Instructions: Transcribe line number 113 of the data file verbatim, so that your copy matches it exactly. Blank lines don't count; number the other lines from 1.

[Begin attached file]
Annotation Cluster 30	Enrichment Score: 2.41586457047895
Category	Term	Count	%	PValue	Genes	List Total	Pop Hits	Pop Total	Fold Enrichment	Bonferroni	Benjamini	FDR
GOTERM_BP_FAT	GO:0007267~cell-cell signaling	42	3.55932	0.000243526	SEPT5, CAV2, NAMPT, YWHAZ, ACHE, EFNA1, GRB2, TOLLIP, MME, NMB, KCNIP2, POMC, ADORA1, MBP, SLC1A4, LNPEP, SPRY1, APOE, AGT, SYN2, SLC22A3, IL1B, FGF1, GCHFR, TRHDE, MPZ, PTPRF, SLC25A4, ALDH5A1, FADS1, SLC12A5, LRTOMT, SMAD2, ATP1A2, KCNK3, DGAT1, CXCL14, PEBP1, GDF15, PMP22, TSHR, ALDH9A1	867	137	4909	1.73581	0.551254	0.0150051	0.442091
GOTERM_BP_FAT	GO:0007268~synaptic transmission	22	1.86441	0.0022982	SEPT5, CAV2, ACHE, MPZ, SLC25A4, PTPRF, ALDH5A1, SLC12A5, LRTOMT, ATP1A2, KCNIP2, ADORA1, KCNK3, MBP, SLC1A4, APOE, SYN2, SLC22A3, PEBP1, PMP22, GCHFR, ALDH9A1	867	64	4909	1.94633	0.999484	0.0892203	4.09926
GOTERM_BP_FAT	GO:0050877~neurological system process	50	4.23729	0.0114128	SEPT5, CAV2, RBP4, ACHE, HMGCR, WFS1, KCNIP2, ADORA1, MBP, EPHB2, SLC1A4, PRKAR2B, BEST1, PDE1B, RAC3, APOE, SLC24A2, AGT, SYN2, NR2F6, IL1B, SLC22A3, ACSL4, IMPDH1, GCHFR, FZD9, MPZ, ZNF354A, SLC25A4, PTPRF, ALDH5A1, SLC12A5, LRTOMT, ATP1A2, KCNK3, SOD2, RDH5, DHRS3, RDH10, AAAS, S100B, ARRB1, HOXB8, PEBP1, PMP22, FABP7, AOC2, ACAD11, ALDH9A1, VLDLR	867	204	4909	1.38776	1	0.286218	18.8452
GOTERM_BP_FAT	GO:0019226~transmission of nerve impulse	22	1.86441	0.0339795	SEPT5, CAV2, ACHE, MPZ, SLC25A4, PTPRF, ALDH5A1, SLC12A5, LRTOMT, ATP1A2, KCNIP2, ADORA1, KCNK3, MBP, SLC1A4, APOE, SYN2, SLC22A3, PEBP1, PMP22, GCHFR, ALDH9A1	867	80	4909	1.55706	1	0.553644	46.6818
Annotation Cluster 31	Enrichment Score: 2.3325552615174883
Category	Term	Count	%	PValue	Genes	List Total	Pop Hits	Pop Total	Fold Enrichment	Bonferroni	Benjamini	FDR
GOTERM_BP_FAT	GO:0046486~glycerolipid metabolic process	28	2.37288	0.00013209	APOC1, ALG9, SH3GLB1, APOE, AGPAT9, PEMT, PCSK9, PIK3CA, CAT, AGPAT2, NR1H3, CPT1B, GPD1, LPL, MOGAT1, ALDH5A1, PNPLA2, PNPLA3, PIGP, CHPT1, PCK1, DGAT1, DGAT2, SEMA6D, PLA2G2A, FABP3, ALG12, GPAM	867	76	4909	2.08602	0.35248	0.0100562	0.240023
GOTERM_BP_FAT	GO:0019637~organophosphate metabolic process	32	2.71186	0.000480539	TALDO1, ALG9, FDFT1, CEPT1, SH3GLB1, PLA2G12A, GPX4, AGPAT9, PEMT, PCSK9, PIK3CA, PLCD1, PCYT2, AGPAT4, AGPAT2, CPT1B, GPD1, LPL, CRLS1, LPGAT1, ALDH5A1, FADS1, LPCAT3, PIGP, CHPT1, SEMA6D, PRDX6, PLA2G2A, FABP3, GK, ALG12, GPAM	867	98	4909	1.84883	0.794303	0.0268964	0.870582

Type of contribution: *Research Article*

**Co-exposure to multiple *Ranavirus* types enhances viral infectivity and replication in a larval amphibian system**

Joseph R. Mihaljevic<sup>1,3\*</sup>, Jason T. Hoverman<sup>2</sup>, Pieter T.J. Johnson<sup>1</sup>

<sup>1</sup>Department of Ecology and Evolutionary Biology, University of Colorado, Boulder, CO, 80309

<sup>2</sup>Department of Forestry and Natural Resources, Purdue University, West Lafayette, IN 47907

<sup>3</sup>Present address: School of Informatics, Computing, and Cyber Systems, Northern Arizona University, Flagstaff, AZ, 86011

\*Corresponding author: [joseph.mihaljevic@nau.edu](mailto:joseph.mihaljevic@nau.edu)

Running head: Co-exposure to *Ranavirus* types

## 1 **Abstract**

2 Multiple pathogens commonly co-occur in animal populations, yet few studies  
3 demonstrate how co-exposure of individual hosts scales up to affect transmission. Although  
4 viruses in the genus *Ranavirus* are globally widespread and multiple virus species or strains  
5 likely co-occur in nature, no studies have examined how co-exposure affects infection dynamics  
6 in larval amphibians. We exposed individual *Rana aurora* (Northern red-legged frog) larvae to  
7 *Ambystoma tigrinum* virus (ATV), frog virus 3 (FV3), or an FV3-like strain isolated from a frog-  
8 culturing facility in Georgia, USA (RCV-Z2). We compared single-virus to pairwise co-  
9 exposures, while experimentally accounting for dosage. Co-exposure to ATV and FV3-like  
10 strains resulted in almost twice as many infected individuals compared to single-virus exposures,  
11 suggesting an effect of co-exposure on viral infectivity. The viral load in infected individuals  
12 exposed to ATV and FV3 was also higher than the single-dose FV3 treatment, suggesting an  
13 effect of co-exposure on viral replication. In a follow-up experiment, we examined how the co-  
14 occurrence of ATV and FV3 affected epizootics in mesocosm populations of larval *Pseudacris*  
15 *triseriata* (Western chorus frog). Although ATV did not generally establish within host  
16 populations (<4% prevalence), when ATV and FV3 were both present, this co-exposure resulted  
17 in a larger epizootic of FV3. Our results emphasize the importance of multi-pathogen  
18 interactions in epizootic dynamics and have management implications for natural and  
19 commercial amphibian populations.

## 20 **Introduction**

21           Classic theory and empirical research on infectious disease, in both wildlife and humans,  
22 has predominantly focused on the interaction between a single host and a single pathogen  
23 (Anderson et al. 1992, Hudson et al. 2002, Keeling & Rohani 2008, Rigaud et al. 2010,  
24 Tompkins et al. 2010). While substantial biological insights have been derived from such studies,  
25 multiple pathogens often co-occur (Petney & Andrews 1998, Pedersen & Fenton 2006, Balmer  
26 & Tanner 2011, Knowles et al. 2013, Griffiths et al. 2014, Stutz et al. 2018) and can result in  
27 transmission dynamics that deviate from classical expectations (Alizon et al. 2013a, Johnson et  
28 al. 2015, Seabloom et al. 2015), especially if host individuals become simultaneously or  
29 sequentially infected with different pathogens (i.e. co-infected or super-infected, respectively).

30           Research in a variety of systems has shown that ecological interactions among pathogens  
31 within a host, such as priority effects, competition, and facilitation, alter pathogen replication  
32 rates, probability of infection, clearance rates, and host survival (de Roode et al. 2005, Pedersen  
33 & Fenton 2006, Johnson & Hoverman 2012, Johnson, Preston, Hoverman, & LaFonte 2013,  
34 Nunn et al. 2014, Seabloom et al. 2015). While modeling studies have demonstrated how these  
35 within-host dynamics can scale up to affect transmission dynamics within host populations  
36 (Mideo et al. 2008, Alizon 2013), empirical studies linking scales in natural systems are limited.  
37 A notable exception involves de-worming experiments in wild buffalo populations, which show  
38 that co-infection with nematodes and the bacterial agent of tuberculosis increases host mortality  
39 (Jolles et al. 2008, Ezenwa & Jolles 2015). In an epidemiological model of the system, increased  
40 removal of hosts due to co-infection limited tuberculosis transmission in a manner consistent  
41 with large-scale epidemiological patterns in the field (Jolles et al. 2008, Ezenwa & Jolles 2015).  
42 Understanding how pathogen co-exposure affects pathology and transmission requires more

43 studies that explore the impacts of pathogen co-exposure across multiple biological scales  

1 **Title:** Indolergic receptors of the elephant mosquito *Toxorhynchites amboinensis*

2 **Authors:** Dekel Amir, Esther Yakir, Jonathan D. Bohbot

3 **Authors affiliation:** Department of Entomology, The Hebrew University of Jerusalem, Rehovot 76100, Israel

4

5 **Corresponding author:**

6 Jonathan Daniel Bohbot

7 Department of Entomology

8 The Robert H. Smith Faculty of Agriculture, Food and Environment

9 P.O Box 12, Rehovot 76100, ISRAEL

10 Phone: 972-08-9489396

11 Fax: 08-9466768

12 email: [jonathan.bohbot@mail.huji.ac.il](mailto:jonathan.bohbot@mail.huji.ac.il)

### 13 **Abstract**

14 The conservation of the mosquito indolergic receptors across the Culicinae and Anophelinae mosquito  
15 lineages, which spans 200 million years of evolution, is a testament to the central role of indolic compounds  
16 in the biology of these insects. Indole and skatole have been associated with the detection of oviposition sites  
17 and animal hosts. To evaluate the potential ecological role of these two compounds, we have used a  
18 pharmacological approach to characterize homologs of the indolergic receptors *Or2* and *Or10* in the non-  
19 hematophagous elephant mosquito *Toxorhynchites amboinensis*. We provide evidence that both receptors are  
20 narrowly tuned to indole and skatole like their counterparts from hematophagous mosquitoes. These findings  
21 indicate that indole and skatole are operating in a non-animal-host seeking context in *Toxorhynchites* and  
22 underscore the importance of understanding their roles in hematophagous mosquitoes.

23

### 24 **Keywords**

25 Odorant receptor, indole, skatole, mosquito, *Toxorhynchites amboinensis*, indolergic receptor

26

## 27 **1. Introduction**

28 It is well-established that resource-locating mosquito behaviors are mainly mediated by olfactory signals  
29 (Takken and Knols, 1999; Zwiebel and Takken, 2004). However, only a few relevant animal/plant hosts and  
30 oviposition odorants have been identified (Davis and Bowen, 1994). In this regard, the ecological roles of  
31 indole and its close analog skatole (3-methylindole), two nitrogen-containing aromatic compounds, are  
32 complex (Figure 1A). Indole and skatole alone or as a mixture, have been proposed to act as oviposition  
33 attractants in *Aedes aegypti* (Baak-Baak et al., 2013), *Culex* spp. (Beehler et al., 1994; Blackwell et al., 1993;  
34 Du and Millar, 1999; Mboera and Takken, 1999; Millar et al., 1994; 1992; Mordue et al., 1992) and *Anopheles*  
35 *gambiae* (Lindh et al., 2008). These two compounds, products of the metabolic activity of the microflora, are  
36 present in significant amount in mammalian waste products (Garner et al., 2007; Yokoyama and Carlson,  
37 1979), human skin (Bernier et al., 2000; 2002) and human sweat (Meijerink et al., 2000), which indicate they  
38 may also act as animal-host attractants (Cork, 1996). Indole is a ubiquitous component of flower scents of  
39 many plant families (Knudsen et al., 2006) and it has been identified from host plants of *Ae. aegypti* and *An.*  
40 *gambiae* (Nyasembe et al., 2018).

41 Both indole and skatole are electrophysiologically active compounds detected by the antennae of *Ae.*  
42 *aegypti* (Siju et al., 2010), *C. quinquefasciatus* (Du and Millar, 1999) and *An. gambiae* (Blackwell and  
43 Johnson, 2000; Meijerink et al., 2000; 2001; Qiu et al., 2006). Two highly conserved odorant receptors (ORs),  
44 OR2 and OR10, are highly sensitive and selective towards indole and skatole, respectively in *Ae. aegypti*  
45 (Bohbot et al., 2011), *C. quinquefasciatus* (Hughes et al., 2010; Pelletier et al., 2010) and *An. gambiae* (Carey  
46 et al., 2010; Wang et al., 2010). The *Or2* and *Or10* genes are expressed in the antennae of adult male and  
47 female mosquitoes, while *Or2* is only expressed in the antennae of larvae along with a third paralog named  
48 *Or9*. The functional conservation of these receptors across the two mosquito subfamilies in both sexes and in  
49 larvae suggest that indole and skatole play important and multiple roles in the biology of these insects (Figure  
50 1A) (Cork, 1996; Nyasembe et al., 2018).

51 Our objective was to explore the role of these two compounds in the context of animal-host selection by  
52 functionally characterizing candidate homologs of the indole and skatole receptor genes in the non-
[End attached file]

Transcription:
52 functionally characterizing candidate homologs of the indole and skatole receptor genes in the non-